Once upon a time, a thousand dreams ago, Christian Laettner caught a long pass, turned and hit one of the most iconic shots in NCAA Tournament history to lead Duke over Kentucky.
He did it once.
Once, a million bounces of the ball ago, Evan Turner crossed midcourt and threw up a miracle to help Ohio State beat Michigan.
He did it once.
Once, a billion story lines ago, Keith Smart took the ball in the corner and launched a winning jump shot to lead Indiana past Syracuse.
He did it once.
He has done it three times. And if it takes a fourth, you get the feeling he is ready.
In the history of clutch, there has never been a guy quite like Harrison, the Kentucky shooting guard. Who has ever knocked down three game-winners in a single tournament before? These days, Harrison is Joe Montana and Michael Jordan and Kirk Gibson all rolled into one. Another player might own the court for 39 minutes, 50 seconds. But when the nitty gets gritty, the game belongs to Harrison.
Can there be any doubt of that now?
Late Saturday, trailing by two, Harrison nailed his third winning shot in eight days to open the door for Kentucky to reach tonight's national championship game. Once again, he stood impossibly far from the basket, and once again, he launched a long-range shot in the final seconds, and once again, he drained it.
Against Louisville in the region semifinals, he hit a 3-pointer with 39 seconds to go for the win.
Against Michigan in the region final, he hit a 3-pointer with 2.6 seconds to go for the win.
Against Wisconsin, he hit a 3-pointer with 5.7 seconds to go for the win.
Got a minute? Then Harrison is your guy. Think of it like this: If he's open in the final seconds tonight, you can expect UConn to simply tackle him.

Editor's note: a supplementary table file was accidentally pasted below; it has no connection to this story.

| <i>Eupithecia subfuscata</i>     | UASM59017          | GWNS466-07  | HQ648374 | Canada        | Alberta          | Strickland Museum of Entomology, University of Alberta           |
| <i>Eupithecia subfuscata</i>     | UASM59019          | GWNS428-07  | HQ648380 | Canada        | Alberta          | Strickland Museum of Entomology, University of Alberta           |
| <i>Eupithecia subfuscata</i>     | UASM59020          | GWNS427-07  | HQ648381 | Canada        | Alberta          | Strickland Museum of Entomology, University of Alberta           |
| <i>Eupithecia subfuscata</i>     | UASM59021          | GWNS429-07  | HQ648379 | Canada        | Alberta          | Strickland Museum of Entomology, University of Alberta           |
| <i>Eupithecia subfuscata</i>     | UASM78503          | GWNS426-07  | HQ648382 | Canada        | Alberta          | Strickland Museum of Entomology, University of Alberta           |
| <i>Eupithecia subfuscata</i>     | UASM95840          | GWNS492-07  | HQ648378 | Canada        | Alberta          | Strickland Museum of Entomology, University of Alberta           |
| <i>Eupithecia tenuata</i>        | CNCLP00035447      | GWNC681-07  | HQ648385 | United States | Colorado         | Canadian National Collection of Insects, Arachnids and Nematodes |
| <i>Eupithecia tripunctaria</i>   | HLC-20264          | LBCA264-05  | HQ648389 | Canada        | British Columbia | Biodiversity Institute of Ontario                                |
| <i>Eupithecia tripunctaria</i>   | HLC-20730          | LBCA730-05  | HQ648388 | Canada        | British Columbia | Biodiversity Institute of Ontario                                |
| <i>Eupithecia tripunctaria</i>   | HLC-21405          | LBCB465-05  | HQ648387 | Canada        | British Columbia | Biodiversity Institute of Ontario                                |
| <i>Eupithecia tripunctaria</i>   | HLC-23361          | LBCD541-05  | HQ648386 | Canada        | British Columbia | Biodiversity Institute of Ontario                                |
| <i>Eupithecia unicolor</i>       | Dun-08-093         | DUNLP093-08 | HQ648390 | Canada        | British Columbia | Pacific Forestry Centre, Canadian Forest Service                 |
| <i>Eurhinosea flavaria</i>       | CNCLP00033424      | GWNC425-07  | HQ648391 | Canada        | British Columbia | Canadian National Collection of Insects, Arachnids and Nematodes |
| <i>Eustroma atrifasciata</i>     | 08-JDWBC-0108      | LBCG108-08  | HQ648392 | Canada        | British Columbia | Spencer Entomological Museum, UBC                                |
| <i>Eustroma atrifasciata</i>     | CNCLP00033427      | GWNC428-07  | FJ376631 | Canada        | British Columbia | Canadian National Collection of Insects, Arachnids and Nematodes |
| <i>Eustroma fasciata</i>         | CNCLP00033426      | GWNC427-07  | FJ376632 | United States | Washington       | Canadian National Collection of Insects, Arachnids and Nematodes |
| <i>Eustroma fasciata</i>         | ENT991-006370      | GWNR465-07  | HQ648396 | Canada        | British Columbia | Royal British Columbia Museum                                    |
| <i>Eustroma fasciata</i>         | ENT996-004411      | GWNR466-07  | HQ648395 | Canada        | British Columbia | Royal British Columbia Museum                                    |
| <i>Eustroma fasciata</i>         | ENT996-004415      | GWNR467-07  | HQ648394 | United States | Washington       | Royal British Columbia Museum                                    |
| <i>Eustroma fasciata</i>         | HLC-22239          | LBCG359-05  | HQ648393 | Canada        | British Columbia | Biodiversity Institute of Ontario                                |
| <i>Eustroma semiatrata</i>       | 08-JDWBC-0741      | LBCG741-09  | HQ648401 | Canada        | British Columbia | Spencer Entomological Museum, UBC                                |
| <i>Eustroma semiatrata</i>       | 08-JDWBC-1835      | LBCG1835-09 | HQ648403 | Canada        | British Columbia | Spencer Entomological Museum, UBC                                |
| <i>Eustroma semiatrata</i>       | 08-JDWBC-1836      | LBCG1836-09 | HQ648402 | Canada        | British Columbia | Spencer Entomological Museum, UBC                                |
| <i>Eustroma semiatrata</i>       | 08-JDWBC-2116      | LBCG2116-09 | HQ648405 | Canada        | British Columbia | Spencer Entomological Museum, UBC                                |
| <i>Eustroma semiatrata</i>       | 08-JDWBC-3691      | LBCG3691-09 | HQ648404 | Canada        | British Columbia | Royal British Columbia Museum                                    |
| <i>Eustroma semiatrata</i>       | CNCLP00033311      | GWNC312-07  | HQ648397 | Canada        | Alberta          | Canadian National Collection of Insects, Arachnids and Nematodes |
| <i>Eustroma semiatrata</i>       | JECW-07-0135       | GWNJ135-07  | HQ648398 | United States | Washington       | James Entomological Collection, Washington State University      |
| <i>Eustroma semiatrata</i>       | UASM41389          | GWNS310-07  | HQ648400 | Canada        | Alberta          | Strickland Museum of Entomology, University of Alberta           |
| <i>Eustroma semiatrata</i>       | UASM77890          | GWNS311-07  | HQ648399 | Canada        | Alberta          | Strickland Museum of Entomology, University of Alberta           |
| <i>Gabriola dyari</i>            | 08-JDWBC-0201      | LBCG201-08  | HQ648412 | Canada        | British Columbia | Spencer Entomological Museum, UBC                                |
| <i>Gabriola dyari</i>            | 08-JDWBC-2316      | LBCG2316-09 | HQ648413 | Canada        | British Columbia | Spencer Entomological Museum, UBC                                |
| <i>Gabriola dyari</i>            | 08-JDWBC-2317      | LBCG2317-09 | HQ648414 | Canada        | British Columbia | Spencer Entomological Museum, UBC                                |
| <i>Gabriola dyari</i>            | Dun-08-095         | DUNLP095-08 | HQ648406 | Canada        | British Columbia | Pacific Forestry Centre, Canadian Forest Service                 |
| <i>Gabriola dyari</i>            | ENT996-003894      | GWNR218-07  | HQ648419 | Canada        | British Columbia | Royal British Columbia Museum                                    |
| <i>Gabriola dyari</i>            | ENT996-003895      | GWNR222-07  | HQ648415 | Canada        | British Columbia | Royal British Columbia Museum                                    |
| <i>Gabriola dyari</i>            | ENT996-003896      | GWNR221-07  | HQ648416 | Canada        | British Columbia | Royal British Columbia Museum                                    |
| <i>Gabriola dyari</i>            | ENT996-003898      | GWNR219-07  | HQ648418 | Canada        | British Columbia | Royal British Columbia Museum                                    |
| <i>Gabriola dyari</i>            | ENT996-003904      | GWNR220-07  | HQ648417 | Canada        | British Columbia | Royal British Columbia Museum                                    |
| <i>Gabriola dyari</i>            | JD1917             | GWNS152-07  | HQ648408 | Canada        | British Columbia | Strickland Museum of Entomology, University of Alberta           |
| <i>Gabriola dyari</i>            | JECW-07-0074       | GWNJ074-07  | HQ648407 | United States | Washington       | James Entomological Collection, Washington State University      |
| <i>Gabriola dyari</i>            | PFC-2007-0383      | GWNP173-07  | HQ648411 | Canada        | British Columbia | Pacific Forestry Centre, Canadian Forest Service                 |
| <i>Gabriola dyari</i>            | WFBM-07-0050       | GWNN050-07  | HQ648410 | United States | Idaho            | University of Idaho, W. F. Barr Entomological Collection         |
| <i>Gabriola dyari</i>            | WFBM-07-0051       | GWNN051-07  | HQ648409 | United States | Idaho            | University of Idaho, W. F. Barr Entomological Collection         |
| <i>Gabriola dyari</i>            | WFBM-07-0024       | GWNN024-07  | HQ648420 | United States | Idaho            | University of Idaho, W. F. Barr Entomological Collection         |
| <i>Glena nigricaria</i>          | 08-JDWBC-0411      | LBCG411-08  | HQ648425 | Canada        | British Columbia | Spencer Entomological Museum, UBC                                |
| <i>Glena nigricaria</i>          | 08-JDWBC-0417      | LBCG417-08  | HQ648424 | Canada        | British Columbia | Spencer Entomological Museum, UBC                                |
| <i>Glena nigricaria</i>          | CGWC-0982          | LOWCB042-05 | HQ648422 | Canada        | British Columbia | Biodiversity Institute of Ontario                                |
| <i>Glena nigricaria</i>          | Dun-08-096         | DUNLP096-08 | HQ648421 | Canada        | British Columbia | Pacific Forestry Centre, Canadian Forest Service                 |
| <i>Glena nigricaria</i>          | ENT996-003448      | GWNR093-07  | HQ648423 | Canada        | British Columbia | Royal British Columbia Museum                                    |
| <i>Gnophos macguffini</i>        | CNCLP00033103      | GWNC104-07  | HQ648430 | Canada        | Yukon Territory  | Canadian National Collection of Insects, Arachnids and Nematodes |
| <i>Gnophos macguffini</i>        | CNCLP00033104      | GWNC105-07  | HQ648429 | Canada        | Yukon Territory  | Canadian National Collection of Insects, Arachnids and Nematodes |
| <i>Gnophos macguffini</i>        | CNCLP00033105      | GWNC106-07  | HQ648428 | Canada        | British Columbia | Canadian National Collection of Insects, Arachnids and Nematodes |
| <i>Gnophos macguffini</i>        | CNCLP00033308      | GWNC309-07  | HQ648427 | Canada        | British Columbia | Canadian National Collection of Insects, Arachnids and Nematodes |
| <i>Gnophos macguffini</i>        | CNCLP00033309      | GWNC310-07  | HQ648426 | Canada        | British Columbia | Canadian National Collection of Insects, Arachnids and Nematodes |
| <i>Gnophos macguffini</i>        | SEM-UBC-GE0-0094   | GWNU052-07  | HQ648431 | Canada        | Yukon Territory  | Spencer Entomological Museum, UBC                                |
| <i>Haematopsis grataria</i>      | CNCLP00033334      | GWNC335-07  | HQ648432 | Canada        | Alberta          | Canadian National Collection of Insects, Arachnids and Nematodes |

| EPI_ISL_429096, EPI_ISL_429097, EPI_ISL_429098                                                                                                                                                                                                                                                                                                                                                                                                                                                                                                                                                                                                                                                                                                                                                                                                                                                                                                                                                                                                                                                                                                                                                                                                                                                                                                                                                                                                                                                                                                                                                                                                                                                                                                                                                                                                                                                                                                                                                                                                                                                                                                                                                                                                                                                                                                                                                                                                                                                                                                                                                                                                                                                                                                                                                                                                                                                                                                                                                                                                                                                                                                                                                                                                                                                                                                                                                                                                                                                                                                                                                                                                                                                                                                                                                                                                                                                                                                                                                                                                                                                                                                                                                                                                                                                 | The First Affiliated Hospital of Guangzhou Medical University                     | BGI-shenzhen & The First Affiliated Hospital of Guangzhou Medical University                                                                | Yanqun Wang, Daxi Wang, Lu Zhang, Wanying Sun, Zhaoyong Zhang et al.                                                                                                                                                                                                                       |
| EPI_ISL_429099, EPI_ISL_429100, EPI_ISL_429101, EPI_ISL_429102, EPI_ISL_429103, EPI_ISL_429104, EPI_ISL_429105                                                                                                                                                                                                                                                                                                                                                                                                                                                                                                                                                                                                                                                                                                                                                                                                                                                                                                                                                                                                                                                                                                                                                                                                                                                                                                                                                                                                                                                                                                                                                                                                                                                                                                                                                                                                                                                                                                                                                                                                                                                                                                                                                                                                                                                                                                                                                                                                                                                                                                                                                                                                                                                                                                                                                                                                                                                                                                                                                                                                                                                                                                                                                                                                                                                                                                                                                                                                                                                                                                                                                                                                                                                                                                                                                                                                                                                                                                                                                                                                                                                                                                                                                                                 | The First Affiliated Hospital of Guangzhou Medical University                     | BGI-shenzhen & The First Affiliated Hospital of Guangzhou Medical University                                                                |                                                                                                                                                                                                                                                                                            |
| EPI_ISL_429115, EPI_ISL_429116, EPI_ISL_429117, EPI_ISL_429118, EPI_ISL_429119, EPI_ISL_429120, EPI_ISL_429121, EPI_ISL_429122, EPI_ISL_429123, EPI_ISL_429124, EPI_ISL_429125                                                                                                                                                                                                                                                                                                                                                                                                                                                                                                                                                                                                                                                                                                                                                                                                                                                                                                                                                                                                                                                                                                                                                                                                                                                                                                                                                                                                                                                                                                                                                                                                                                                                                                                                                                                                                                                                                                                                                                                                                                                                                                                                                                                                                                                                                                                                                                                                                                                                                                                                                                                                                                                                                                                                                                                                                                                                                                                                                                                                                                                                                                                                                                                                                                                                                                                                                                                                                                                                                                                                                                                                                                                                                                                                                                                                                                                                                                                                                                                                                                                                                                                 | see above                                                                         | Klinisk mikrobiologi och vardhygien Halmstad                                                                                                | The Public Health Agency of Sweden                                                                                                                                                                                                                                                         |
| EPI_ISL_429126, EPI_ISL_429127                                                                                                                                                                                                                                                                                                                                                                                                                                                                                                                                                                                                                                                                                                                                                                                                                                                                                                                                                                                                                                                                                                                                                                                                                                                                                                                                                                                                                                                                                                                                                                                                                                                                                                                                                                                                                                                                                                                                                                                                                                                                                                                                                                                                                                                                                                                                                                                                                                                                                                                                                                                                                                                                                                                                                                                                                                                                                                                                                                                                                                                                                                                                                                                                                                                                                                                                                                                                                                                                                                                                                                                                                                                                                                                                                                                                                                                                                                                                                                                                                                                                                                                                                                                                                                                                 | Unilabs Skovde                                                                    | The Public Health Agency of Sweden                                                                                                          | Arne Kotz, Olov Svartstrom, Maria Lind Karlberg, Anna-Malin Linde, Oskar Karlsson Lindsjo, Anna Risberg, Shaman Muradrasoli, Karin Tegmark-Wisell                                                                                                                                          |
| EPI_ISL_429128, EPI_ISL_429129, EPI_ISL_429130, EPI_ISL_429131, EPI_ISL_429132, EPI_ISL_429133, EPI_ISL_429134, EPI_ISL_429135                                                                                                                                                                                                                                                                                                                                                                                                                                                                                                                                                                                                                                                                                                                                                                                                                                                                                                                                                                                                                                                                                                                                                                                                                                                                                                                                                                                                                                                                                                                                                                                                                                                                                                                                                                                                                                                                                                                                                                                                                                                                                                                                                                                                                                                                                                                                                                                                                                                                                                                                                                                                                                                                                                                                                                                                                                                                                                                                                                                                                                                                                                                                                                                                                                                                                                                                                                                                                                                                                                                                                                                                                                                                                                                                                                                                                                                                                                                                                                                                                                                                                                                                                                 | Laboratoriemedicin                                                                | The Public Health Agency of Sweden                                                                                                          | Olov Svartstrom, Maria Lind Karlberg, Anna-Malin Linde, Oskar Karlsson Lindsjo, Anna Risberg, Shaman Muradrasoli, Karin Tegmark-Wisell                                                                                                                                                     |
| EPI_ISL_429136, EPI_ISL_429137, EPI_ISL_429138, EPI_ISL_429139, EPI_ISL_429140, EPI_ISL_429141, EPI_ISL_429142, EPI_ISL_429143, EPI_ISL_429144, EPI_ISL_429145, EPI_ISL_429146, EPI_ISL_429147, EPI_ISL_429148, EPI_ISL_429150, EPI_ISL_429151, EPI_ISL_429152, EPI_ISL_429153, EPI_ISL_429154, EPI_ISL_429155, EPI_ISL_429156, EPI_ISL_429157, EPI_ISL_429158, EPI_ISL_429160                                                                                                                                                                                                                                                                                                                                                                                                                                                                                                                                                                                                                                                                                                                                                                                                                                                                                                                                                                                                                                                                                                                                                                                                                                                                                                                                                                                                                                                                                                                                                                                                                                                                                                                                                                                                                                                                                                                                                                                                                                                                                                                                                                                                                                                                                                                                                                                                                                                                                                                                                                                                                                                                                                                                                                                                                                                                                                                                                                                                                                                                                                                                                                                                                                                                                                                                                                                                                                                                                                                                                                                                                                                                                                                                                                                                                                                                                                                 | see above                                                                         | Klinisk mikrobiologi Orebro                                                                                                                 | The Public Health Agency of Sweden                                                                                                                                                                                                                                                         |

"It's just the best feeling in the world," said Harrison, a soft-spoken 6-foot-6 freshman from Richmond, Texas. "It's like being a part of history. Everyone knows that when you're a kid, you're dreaming of hitting the game-winning shot. It's unreal to be able to do that in a big-time game and win a game for your team. Just to see the joy on your teammates' faces is great."
By now, it's also routine. Think of it like this: One winning shot lasts a lifetime. Two is being greedy. Three is the stuff of legend.
Given how much the state of Kentucky loves basketball, they may soon name streets after Harrison. They'll name schools after him. Maybe, they'll put his face on money.
Oh, and then there are the babies that will be named for him.
A reporter told Harrison on Sunday that he had received a half-dozen texts from fans saying they planned to name their first-born after the freshman.
"That's crazy," Harrison said, grinning. "But it doesn't surprise me. These fans are great, and Big Blue Nation is everywhere."
Yeah, it has even affected the Kentucky coaching staff. Coach John Calipari said his daughter had tweeted that she was now his second-favorite Aaron (she spells her name Erin).
"The biggest thing is that he's not afraid to miss," the coach said. "He's okay with it. He's comfortable in his own skin. If you're going to make those kinds of shots, you absolutely cannot be afraid to miss them."
No, Harrison isn't exactly bashful. Take Saturday night. he had missed five of his seven shots before the winner.
By now, however, the 19-year-old has the last few seconds down. Calipari had called a play for him, but the play had broken down. Still, Harrison found the ball in his hands and launched it. And, once again, he hit it.
"I thought I had missed it," said Harrison, who is 3-for-3 on game-tying/go-ahead 3s in the final minute of his NCAA Tournament games but had zero such attempts in the regular season. "I thought it was going to go off the back of the rim. But it went down. I'm blessed."
It might be hard to believe now, but Aaron was considered the lesser of the Harrison twins when he and brother Andrew signed with Kentucky.
As it turns out, Aaron was the most prophetic of the Wildcats. This year, after the Wildcats lost to South Carolina, he proclaimed that this season would end up being a great story for the team. He was on target with that, too.
At the time, no one knew that Harrison would write the ending.